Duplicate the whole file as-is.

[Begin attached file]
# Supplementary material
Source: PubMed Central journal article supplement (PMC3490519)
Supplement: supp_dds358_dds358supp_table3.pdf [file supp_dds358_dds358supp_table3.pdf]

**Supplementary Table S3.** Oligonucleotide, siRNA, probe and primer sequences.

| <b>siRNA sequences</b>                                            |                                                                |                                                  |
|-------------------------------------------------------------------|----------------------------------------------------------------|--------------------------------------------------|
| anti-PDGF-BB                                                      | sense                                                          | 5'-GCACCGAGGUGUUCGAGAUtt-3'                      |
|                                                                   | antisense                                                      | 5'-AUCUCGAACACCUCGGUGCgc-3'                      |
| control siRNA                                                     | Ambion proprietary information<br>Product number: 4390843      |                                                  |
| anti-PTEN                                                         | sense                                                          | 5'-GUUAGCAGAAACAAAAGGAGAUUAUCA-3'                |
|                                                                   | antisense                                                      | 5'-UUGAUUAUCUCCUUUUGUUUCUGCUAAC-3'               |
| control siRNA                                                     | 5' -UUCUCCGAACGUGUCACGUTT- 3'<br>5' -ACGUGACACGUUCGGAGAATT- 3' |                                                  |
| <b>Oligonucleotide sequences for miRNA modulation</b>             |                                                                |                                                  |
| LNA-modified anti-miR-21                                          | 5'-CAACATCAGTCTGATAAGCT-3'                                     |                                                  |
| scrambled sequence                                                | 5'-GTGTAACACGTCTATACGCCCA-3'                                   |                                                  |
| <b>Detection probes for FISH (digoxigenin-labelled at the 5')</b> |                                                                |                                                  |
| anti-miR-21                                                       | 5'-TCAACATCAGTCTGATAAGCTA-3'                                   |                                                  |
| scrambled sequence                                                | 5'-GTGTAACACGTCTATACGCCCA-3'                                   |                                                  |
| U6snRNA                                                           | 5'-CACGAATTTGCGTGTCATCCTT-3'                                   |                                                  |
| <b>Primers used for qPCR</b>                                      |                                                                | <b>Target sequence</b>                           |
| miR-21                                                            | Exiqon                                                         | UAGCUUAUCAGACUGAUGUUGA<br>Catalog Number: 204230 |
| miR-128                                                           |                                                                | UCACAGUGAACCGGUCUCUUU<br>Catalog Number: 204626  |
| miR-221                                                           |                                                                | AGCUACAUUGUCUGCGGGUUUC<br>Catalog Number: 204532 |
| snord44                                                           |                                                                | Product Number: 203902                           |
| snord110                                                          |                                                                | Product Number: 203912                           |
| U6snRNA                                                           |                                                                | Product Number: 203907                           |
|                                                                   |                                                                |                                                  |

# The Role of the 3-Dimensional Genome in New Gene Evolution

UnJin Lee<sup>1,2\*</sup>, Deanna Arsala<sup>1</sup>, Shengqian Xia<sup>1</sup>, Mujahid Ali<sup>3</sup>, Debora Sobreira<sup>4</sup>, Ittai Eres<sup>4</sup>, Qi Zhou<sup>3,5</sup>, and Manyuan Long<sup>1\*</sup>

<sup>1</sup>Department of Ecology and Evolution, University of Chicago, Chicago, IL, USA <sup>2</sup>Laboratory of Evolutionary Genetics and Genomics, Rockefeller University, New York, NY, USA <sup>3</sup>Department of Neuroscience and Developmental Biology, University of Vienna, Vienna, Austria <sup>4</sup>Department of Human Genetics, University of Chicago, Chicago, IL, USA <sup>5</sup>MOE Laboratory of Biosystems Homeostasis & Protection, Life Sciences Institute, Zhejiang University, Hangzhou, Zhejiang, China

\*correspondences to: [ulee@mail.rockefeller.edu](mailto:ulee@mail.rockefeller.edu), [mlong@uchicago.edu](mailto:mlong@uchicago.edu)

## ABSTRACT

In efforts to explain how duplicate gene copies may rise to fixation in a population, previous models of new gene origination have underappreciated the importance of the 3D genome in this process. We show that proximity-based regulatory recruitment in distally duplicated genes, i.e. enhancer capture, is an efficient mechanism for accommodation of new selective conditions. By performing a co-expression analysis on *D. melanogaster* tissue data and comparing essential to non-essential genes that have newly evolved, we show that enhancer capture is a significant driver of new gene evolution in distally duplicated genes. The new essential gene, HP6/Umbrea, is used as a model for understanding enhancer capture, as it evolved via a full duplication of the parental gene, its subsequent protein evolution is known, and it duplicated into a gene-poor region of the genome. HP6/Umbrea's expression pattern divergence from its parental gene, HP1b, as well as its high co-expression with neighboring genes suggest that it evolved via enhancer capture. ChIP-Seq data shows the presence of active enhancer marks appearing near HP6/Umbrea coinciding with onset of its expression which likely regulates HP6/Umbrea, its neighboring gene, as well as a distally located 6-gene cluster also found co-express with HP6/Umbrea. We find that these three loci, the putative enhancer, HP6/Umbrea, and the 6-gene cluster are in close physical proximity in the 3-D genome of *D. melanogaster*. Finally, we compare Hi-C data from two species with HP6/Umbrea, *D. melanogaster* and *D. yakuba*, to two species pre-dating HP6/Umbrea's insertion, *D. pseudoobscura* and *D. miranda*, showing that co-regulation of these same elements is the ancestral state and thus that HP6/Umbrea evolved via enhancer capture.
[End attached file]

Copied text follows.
# Supplementary material
Source: PubMed Central journal article supplement (PMC3490519)
Supplement: supp_dds358_dds358supp_table3.pdf [file supp_dds358_dds358supp_table3.pdf]

**Supplementary Table S3.** Oligonucleotide, siRNA, probe and primer sequences.

| <b>siRNA sequences</b>                                            |                                                                |                                                  |
|-------------------------------------------------------------------|----------------------------------------------------------------|--------------------------------------------------|
| anti-PDGF-BB                                                      | sense                                                          | 5'-GCACCGAGGUGUUCGAGAUtt-3'                      |
|                                                                   | antisense                                                      | 5'-AUCUCGAACACCUCGGUGCgc-3'                      |
| control siRNA                                                     | Ambion proprietary information<br>Product number: 4390843      |                                                  |
| anti-PTEN                                                         | sense                                                          | 5'-GUUAGCAGAAACAAAAGGAGAUUAUCA-3'                |
|                                                                   | antisense                                                      | 5'-UUGAUUAUCUCCUUUUGUUUCUGCUAAC-3'               |
| control siRNA                                                     | 5' -UUCUCCGAACGUGUCACGUTT- 3'<br>5' -ACGUGACACGUUCGGAGAATT- 3' |                                                  |
| <b>Oligonucleotide sequences for miRNA modulation</b>             |                                                                |                                                  |
| LNA-modified anti-miR-21                                          | 5'-CAACATCAGTCTGATAAGCT-3'                                     |                                                  |
| scrambled sequence                                                | 5'-GTGTAACACGTCTATACGCCCA-3'                                   |                                                  |
| <b>Detection probes for FISH (digoxigenin-labelled at the 5')</b> |                                                                |                                                  |
| anti-miR-21                                                       | 5'-TCAACATCAGTCTGATAAGCTA-3'                                   |                                                  |
| scrambled sequence                                                | 5'-GTGTAACACGTCTATACGCCCA-3'                                   |                                                  |
| U6snRNA                                                           | 5'-CACGAATTTGCGTGTCATCCTT-3'                                   |                                                  |
| <b>Primers used for qPCR</b>                                      |                                                                | <b>Target sequence</b>                           |
| miR-21                                                            | Exiqon                                                         | UAGCUUAUCAGACUGAUGUUGA<br>Catalog Number: 204230 |
| miR-128                                                           |                                                                | UCACAGUGAACCGGUCUCUUU<br>Catalog Number: 204626  |
| miR-221                                                           |                                                                | AGCUACAUUGUCUGCGGGUUUC<br>Catalog Number: 204532 |
| snord44                                                           |                                                                | Product Number: 203902                           |
| snord110                                                          |                                                                | Product Number: 203912                           |
| U6snRNA                                                           |                                                                | Product Number: 203907                           |
|                                                                   |                                                                |                                                  |

# The Role of the 3-Dimensional Genome in New Gene Evolution

UnJin Lee<sup>1,2\*</sup>, Deanna Arsala<sup>1</sup>, Shengqian Xia<sup>1</sup>, Mujahid Ali<sup>3</sup>, Debora Sobreira<sup>4</sup>, Ittai Eres<sup>4</sup>, Qi Zhou<sup>3,5</sup>, and Manyuan Long<sup>1\*</sup>

<sup>1</sup>Department of Ecology and Evolution, University of Chicago, Chicago, IL, USA <sup>2</sup>Laboratory of Evolutionary Genetics and Genomics, Rockefeller University, New York, NY, USA <sup>3</sup>Department of Neuroscience and Developmental Biology, University of Vienna, Vienna, Austria <sup>4</sup>Department of Human Genetics, University of Chicago, Chicago, IL, USA <sup>5</sup>MOE Laboratory of Biosystems Homeostasis & Protection, Life Sciences Institute, Zhejiang University, Hangzhou, Zhejiang, China

\*correspondences to: [ulee@mail.rockefeller.edu](mailto:ulee@mail.rockefeller.edu), [mlong@uchicago.edu](mailto:mlong@uchicago.edu)

## ABSTRACT

In efforts to explain how duplicate gene copies may rise to fixation in a population, previous models of new gene origination have underappreciated the importance of the 3D genome in this process. We show that proximity-based regulatory recruitment in distally duplicated genes, i.e. enhancer capture, is an efficient mechanism for accommodation of new selective conditions. By performing a co-expression analysis on *D. melanogaster* tissue data and comparing essential to non-essential genes that have newly evolved, we show that enhancer capture is a significant driver of new gene evolution in distally duplicated genes. The new essential gene, HP6/Umbrea, is used as a model for understanding enhancer capture, as it evolved via a full duplication of the parental gene, its subsequent protein evolution is known, and it duplicated into a gene-poor region of the genome. HP6/Umbrea's expression pattern divergence from its parental gene, HP1b, as well as its high co-expression with neighboring genes suggest that it evolved via enhancer capture. ChIP-Seq data shows the presence of active enhancer marks appearing near HP6/Umbrea coinciding with onset of its expression which likely regulates HP6/Umbrea, its neighboring gene, as well as a distally located 6-gene cluster also found co-express with HP6/Umbrea. We find that these three loci, the putative enhancer, HP6/Umbrea, and the 6-gene cluster are in close physical proximity in the 3-D genome of *D. melanogaster*. Finally, we compare Hi-C data from two species with HP6/Umbrea, *D. melanogaster* and *D. yakuba*, to two species pre-dating HP6/Umbrea's insertion, *D. pseudoobscura* and *D. miranda*, showing that co-regulation of these same elements is the ancestral state and thus that HP6/Umbrea evolved via enhancer capture.